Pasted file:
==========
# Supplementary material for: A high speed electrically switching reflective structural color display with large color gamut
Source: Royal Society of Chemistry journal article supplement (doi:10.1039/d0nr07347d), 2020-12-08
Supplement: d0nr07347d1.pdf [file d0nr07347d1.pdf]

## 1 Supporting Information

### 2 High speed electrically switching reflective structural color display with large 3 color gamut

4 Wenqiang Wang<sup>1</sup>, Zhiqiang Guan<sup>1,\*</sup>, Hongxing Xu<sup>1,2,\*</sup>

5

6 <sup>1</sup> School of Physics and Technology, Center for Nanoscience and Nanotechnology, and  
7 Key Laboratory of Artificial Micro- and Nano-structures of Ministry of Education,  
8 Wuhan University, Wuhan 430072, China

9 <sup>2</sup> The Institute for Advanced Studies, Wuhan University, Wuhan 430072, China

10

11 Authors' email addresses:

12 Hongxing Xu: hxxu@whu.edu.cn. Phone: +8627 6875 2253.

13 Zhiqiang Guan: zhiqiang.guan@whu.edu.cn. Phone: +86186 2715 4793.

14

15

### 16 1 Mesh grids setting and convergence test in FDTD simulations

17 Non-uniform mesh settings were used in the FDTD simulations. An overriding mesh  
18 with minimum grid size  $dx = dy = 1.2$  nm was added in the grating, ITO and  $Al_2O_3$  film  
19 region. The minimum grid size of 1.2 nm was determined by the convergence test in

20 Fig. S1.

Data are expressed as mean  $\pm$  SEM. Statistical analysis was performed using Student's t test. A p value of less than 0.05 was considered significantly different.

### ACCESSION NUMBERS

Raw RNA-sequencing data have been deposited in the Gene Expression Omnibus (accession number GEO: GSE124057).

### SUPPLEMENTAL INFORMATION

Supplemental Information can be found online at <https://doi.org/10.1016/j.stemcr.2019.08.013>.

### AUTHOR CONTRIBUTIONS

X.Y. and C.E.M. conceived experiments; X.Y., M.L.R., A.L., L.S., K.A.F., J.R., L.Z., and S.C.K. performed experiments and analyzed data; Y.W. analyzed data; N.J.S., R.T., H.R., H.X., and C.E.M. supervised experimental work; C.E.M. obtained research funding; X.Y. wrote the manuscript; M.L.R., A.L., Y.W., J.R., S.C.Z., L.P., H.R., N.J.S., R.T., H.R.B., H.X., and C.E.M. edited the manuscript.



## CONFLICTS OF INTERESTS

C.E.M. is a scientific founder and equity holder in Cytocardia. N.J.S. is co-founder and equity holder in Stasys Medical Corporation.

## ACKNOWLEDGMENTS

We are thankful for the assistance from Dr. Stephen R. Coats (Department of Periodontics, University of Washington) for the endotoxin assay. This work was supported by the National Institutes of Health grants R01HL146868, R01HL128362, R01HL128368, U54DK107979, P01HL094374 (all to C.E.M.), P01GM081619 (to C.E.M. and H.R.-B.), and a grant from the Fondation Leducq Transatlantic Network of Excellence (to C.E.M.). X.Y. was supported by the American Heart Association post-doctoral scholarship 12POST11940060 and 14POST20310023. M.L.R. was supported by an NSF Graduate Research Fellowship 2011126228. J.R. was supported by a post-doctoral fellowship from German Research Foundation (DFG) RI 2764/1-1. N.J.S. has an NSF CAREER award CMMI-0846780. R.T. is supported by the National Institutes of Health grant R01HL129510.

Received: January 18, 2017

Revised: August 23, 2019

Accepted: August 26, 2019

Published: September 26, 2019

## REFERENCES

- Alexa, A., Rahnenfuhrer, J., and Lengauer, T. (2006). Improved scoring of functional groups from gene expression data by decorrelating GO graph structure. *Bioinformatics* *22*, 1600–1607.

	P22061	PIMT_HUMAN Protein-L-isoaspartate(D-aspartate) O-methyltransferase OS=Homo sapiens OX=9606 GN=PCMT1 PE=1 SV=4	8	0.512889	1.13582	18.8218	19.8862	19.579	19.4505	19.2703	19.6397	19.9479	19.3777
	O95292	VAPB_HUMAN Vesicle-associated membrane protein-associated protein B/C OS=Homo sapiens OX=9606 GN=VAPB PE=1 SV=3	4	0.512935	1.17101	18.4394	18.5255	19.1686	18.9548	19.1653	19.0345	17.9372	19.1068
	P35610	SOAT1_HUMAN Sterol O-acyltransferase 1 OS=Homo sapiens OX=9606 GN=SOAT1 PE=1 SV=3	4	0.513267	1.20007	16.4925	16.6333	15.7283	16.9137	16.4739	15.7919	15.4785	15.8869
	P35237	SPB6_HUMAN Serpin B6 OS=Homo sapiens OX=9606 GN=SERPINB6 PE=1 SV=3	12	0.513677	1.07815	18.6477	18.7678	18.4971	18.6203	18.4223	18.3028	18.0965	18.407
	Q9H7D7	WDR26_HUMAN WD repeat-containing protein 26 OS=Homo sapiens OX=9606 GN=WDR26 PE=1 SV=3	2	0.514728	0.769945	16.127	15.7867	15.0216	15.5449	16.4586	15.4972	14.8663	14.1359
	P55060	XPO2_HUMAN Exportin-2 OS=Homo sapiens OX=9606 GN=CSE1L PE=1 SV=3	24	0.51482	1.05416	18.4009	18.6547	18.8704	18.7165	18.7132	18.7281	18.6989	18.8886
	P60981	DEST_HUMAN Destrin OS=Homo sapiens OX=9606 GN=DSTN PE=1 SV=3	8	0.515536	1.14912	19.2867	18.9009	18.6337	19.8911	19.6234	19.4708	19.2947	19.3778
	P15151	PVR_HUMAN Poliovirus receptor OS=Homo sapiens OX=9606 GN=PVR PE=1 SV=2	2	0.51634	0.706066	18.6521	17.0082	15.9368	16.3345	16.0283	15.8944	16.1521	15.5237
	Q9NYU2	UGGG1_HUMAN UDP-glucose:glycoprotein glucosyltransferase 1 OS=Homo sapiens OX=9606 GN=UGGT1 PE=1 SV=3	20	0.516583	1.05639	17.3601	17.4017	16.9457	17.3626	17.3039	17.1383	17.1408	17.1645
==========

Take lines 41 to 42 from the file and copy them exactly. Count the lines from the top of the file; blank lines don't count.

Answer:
	O95292	VAPB_HUMAN Vesicle-associated membrane protein-associated protein B/C OS=Homo sapiens OX=9606 GN=VAPB PE=1 SV=3	4	0.512935	1.17101	18.4394	18.5255	19.1686	18.9548	19.1653	19.0345	17.9372	19.1068
	P35610	SOAT1_HUMAN Sterol O-acyltransferase 1 OS=Homo sapiens OX=9606 GN=SOAT1 PE=1 SV=3	4	0.513267	1.20007	16.4925	16.6333	15.7283	16.9137	16.4739	15.7919	15.4785	15.8869